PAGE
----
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Henry Wadsworth Longfellow, ed. Poems of Places: An Anthology in 31 Volumes.
Italy: Vols. XI–XIII. 1876–79.

Rome, Hills of

Mount Aventine

By Virgil (70–19 B.C.)

(From Æneid, Book VIII)
Translated by C. P. Cranch

FIRST look upon yon craggy pile, on stones

Suspended; scattered far and wide, the rocks

Are strewn; how lonely and deserted stands

That mountain-fortress; with what ruin wild

The cliffs are dragged and toppled from above!

That was the cave hewn in a vast recess

Where dwelt the terrible half-human form

Of Cacus; where no sunbeams found their way;

And ever with fresh slaughter smoked the ground.

On the proud portals fixed hung heads of men,

Pallid and ghastly in their clotted gore.

This monster’s sire was Vulcan; his the flames

And smoke that issued from his mouth. His boast

Was in his mighty bulk. But time at length

Brought aid long wished, and the advent of a god.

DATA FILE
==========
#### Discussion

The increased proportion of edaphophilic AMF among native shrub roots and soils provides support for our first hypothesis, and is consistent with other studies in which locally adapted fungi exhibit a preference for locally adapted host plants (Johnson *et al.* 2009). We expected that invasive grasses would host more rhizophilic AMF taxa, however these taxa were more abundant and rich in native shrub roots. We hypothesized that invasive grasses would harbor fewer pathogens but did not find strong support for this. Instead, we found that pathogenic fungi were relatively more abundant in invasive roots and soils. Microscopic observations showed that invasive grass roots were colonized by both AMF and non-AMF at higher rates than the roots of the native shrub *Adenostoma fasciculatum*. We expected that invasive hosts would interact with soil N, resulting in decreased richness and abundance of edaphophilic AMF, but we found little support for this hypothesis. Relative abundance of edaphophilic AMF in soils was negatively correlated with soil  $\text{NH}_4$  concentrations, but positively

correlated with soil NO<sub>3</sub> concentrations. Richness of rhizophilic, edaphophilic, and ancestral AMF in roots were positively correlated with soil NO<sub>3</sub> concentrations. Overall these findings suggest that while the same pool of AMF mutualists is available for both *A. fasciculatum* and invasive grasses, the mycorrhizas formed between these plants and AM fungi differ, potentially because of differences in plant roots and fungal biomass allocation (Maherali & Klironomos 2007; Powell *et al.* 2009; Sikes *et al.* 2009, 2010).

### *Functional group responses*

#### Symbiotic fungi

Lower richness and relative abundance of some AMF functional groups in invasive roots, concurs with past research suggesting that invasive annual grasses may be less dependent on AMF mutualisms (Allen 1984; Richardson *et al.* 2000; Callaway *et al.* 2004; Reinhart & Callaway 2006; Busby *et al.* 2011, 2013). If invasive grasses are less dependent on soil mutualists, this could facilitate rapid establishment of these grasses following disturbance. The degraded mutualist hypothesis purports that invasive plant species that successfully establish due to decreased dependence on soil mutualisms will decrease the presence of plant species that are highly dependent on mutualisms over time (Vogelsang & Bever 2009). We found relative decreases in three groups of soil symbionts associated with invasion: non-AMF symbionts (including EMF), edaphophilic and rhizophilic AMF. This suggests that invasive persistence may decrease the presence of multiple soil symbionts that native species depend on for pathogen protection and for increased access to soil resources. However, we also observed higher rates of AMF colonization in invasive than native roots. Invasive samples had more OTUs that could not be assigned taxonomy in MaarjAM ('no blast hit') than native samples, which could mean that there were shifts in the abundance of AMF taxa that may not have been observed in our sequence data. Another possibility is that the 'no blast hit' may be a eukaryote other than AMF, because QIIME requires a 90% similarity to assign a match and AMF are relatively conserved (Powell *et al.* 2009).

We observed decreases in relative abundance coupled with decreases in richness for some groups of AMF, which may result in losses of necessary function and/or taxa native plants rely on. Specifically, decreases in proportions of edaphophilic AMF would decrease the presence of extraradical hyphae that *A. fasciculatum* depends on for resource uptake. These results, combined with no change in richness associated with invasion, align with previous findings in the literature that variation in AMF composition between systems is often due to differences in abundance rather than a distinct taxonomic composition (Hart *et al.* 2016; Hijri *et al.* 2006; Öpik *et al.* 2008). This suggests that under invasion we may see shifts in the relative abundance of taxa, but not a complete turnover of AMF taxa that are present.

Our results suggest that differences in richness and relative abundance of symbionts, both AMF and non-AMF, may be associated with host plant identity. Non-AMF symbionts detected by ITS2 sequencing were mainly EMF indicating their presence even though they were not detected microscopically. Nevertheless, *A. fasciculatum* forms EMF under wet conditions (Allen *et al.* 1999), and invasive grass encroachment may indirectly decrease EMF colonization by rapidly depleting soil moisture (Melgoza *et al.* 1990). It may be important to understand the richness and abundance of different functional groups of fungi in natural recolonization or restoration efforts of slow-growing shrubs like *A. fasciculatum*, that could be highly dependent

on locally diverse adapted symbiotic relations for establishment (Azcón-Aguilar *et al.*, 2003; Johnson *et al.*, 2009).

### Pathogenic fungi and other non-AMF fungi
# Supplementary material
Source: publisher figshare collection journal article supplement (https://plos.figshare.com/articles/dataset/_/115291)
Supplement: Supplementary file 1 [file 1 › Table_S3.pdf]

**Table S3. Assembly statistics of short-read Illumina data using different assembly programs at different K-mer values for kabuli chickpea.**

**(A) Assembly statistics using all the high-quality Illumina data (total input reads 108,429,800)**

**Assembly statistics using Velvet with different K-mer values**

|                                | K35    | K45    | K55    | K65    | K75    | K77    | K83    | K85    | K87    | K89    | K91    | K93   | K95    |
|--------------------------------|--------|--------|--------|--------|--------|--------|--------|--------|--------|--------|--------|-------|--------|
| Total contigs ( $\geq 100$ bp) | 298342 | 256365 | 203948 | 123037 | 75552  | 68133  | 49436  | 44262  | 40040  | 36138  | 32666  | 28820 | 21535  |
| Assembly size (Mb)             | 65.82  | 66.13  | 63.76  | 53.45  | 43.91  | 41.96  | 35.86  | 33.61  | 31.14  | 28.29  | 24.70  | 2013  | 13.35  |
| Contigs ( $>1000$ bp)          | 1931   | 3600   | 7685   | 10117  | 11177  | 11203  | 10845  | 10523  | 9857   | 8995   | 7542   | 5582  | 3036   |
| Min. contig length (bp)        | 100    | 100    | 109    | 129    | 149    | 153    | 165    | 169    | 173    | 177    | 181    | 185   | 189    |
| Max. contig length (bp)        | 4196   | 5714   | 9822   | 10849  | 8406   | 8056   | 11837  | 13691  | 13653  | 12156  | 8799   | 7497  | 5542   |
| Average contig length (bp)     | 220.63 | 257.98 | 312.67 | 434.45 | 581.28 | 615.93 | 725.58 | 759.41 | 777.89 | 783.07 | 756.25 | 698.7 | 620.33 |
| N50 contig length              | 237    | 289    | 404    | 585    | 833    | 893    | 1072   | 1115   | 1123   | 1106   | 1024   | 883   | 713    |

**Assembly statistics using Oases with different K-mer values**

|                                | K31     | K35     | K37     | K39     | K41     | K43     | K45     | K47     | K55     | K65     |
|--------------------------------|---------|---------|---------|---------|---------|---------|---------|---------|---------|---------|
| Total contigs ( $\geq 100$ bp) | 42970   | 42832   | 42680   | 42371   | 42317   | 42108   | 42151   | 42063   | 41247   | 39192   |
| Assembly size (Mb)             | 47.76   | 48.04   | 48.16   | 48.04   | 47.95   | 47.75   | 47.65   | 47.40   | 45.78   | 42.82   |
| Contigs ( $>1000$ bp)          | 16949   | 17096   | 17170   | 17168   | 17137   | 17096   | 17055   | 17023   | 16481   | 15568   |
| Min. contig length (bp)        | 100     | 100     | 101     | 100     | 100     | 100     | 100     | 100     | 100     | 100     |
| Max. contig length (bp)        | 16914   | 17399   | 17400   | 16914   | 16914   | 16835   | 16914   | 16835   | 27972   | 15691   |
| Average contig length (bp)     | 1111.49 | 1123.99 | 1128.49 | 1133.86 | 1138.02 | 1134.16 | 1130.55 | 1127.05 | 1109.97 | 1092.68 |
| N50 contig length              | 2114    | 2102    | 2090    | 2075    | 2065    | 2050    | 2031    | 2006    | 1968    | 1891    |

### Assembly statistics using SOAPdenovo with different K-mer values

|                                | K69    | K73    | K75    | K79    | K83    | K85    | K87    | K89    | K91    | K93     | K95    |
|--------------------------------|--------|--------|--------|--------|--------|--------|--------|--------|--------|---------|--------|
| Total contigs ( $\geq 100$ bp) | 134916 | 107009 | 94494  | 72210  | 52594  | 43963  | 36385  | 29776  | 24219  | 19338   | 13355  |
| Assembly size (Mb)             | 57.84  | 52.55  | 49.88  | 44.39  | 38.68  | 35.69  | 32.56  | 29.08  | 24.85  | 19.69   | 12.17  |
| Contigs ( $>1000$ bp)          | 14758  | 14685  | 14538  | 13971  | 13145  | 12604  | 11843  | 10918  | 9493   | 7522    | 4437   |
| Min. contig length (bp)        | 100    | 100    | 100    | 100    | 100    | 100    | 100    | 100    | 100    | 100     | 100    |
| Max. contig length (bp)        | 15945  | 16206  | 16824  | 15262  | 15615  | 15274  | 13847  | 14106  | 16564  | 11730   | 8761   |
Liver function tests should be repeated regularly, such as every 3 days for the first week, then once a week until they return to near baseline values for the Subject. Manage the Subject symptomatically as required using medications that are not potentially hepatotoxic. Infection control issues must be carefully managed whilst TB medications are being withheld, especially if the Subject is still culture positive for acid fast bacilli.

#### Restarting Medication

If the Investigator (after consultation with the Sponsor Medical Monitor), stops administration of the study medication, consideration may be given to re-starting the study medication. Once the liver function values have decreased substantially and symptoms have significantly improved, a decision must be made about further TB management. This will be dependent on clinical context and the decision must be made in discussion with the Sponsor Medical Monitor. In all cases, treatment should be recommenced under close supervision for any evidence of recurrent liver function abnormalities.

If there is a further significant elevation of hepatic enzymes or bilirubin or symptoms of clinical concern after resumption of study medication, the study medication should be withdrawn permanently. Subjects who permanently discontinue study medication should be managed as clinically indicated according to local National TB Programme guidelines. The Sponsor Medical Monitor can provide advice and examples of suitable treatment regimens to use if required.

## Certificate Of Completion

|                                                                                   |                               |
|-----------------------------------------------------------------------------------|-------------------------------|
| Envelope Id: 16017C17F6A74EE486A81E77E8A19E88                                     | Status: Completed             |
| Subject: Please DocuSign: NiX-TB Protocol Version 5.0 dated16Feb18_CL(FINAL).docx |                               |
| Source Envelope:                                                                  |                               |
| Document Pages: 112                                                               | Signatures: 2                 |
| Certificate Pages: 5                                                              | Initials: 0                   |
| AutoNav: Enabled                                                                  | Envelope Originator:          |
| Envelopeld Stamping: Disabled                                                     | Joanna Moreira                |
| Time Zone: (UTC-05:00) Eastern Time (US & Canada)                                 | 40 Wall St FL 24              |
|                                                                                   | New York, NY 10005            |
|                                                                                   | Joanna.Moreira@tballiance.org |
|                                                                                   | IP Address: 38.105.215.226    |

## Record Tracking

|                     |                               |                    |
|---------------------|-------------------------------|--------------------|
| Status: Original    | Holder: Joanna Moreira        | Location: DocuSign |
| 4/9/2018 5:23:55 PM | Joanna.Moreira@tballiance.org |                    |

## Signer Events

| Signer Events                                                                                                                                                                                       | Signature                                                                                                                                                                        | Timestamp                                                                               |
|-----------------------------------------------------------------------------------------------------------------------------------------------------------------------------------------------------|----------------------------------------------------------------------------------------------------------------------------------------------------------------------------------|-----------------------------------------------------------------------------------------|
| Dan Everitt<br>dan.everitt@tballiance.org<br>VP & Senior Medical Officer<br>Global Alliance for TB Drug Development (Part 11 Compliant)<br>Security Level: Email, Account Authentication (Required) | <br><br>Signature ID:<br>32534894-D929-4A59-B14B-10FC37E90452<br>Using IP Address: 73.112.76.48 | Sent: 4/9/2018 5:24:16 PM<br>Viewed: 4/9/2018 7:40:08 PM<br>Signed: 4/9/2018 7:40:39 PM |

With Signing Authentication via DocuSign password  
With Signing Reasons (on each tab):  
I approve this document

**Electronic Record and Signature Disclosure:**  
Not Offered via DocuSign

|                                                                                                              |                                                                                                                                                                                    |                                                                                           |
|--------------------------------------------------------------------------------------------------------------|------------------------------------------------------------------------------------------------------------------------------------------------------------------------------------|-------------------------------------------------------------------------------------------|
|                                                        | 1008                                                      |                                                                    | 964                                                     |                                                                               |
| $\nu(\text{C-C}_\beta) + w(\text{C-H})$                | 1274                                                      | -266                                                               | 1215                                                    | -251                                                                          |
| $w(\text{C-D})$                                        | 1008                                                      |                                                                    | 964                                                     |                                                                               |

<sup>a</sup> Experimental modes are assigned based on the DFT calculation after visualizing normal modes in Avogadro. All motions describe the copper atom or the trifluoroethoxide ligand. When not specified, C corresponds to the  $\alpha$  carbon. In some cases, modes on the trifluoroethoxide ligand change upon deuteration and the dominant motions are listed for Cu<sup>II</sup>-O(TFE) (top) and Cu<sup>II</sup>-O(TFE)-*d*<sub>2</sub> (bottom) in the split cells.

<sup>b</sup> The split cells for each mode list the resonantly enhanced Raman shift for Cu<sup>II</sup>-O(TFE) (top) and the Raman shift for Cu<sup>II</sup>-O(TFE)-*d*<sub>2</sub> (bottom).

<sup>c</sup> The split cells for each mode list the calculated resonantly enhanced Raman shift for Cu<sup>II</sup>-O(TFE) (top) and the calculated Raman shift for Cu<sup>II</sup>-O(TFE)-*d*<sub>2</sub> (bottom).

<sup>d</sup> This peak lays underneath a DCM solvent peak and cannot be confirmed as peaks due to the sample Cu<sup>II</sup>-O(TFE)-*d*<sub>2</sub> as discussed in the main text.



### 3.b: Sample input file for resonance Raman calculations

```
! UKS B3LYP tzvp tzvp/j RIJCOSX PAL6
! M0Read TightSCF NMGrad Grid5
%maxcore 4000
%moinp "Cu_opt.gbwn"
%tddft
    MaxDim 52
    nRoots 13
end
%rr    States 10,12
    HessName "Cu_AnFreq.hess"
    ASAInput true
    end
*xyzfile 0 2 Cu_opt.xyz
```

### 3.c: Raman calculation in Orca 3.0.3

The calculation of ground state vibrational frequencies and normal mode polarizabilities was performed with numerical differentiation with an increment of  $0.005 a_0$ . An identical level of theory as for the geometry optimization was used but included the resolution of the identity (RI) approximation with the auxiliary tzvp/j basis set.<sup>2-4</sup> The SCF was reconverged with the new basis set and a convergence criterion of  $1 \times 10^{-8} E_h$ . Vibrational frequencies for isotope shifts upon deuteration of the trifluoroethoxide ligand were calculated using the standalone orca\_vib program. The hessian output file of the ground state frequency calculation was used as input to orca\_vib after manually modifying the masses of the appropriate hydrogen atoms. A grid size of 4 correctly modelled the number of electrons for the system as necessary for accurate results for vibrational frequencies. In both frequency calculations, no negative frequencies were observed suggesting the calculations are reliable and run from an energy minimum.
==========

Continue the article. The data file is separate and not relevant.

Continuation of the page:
Alcides came, the great avenger, proud

From triple Geryon’s slaughter and his spoils,

And hither drove his captured bulls, which filled

The river and the vale. But Cacus, fired

With fury, left untried no stratagem

Or crime; took from their stalls four comely bulls,

And heifers four, of beauty unsurpassed;

And, lest their hoof-prints should betray the theft,

He dragged them backwards, with the tracks reversed,

And hid them in his gloomy cave. No signs

The seeker found to lead him to the place.

Meanwhile, when now Amphitryon’s son prepared

To move his full-fed herd, and to depart,

The cattle, as they left, began to low,

And filled the woods and hills with their complaints.

When, from the cave, one of the cows returned

The sound; and thus, though guarded close, betrayed

The hope of Cacus.